Asymmetric transcription factor partitioning during yeast cell division requires the FACT chromatin remodeler and cell cycle progressionMore about Open Access at the Crick
Authors listEva Herrero Sonia Stinus Eleanor Bellows Lisa K Berry Henry Wood Peter H Thorpe
The polarized partitioning of proteins in cells underlies asymmetric cell division, which is an important driver of development and cellular diversity. The budding yeast Saccharomyces cerevisiae divides asymmetrically, like many other cells, to generate two distinct progeny cells. A well-known example of an asymmetric protein is the transcription factor Ace2, which localizes specifically to the daughter nucleus, where it drives a daughter-specific transcriptional network. We screened a collection of essential genes to analyze the effects of core cellular processes in asymmetric cell division based on Ace2 localization. This screen identified mutations that affect progression through the cell cycle, suggesting that cell cycle delay is sufficient to disrupt Ace2 asymmetry. To test this model, we blocked cells from progressing through mitosis and found that prolonged metaphase delay is sufficient to disrupt Ace2 asymmetry after release, and that Ace2 asymmetry is restored after cytokinesis. We also demonstrate that members of the evolutionarily conserved facilitates chromatin transcription (FACT) chromatin-reorganizing complex are required for both asymmetric and cell cycle-regulated localization of Ace2, and for localization of the RAM network components.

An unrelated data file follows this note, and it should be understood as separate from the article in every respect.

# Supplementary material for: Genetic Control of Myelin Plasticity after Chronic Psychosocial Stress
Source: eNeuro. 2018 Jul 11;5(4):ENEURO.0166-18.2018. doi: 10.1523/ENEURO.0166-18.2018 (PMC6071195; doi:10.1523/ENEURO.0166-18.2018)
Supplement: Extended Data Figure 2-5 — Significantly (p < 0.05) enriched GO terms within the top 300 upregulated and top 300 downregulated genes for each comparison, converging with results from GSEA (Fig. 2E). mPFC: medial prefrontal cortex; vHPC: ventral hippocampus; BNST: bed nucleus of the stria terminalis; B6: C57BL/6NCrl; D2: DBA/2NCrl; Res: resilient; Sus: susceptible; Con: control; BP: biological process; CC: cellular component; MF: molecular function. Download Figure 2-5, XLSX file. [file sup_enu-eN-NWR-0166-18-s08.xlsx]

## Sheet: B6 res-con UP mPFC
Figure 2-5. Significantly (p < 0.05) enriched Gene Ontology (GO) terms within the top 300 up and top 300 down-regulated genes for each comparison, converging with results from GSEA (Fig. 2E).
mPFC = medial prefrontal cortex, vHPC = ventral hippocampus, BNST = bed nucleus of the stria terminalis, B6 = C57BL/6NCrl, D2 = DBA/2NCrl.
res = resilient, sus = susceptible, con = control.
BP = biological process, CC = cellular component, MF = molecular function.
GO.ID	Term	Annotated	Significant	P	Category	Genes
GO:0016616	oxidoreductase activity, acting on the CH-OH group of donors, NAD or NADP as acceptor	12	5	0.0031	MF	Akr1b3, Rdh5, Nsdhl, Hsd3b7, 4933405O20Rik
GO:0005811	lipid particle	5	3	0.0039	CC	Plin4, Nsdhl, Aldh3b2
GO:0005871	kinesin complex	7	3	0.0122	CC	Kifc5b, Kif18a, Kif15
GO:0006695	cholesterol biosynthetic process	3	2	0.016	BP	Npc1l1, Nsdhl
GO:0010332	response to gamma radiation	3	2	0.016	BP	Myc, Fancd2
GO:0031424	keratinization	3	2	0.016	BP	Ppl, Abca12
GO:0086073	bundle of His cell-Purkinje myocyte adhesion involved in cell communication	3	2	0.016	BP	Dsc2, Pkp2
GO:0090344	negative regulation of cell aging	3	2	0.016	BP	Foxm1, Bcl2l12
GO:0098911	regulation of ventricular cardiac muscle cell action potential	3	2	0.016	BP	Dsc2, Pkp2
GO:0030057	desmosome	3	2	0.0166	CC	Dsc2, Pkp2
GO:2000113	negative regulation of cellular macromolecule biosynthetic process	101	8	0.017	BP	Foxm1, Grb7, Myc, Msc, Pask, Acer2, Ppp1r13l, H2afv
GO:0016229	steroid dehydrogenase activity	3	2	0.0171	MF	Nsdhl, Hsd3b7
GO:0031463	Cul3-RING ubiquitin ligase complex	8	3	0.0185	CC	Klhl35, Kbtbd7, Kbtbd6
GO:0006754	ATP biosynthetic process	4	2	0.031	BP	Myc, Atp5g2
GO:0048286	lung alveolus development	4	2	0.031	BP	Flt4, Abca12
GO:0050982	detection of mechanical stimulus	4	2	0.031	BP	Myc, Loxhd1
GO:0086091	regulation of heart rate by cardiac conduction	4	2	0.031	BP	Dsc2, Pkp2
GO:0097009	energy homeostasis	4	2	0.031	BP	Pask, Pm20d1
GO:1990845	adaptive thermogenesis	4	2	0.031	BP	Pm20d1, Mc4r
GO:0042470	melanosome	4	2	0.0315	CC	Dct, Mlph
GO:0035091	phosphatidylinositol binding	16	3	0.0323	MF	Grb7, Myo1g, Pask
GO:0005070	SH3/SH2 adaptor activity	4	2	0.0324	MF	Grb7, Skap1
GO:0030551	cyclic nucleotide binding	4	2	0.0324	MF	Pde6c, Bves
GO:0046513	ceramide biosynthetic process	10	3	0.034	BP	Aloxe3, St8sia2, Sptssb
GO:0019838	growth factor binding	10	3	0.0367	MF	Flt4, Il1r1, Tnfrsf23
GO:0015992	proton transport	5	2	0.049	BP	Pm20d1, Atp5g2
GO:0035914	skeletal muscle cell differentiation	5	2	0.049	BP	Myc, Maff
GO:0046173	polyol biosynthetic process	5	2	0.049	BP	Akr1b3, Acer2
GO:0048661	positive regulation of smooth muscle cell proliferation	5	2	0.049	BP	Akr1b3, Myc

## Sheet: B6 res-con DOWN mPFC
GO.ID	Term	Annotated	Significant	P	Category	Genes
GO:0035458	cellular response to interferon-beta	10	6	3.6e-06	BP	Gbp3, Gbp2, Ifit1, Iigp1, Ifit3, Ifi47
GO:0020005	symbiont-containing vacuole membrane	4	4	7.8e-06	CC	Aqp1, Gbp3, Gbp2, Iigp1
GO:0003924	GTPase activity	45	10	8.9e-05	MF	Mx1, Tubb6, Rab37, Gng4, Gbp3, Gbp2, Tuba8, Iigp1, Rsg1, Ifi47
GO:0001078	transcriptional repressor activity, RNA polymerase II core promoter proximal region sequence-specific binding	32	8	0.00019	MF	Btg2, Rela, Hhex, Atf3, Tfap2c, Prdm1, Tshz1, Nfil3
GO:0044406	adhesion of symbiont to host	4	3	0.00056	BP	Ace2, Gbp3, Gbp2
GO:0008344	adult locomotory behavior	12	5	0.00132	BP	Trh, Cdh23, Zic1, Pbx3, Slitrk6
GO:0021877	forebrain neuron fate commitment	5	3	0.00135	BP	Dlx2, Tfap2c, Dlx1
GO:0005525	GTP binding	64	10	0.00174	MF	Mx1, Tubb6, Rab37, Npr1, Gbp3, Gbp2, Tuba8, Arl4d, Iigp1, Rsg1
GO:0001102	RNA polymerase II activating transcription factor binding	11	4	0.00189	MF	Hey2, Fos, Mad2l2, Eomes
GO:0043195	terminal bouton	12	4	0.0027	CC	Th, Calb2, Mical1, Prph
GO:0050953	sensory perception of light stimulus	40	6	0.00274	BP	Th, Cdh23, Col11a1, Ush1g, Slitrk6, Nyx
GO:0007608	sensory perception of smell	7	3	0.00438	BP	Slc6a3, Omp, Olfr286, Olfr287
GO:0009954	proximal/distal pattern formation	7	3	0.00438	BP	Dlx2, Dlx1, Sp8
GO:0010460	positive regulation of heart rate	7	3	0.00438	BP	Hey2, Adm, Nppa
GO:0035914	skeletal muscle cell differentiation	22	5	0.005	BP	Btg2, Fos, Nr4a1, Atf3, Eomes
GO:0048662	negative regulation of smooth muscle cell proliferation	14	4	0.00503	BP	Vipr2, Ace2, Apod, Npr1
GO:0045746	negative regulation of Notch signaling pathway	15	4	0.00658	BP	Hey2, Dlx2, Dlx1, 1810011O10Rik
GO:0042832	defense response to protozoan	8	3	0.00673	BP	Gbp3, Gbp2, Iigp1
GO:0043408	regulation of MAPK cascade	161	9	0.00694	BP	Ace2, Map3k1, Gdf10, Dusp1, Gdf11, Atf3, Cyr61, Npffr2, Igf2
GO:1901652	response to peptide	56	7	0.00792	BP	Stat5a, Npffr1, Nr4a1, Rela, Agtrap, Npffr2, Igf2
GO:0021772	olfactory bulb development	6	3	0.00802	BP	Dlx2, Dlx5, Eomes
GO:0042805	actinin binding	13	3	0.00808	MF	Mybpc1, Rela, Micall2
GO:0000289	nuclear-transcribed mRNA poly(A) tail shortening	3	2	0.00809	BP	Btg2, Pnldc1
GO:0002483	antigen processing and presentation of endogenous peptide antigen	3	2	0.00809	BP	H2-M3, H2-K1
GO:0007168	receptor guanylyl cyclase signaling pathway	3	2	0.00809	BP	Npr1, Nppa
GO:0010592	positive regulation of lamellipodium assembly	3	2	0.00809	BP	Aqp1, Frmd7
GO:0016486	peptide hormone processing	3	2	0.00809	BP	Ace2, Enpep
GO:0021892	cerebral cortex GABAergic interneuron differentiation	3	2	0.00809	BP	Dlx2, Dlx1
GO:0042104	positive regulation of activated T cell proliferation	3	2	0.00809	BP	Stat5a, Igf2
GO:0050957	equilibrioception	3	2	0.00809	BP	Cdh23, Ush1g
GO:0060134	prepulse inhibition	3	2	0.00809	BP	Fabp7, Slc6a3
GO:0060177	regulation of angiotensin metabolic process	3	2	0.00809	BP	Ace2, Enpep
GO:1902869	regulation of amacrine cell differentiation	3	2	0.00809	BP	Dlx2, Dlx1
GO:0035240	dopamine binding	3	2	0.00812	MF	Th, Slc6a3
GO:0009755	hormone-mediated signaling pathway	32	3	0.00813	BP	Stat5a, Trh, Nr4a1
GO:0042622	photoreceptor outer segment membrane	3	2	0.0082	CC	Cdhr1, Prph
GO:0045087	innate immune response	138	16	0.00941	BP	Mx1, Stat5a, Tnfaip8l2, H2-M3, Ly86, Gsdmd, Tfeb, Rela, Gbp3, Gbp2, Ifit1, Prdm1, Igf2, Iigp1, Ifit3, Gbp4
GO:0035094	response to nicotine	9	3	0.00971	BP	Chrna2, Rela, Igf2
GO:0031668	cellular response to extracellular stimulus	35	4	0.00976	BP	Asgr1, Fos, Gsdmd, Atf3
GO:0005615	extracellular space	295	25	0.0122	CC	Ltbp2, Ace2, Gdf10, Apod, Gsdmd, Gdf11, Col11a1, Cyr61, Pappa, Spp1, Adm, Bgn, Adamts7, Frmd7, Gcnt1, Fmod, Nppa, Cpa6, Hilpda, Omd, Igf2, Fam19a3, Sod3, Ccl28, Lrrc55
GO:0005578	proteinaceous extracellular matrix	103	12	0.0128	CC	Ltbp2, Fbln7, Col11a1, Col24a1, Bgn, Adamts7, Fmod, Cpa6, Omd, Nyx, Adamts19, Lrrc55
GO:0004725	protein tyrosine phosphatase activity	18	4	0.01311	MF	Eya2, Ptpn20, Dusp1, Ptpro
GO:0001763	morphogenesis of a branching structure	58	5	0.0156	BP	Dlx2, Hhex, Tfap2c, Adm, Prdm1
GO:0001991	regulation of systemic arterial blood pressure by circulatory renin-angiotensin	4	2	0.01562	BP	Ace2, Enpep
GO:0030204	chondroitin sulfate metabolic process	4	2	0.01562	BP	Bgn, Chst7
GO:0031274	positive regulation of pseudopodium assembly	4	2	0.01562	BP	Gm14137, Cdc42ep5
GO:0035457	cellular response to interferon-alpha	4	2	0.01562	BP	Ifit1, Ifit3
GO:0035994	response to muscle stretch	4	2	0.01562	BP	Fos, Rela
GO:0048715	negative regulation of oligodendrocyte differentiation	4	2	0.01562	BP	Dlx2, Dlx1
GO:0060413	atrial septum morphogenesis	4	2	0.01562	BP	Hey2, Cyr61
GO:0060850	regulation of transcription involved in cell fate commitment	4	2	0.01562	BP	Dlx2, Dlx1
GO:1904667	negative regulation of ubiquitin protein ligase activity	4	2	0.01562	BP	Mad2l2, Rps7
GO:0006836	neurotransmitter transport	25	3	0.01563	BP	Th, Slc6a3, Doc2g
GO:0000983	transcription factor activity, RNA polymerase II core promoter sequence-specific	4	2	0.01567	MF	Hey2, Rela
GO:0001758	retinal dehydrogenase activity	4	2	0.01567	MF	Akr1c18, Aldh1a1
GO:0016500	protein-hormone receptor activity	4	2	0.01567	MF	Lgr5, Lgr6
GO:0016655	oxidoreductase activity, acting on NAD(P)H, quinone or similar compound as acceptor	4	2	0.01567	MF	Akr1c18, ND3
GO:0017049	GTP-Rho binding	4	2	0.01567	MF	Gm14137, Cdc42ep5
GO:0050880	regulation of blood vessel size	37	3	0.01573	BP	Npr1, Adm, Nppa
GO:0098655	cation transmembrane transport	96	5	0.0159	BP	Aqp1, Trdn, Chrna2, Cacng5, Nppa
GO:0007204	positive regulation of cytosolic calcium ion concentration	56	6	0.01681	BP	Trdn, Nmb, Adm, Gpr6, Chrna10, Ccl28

Issue number 3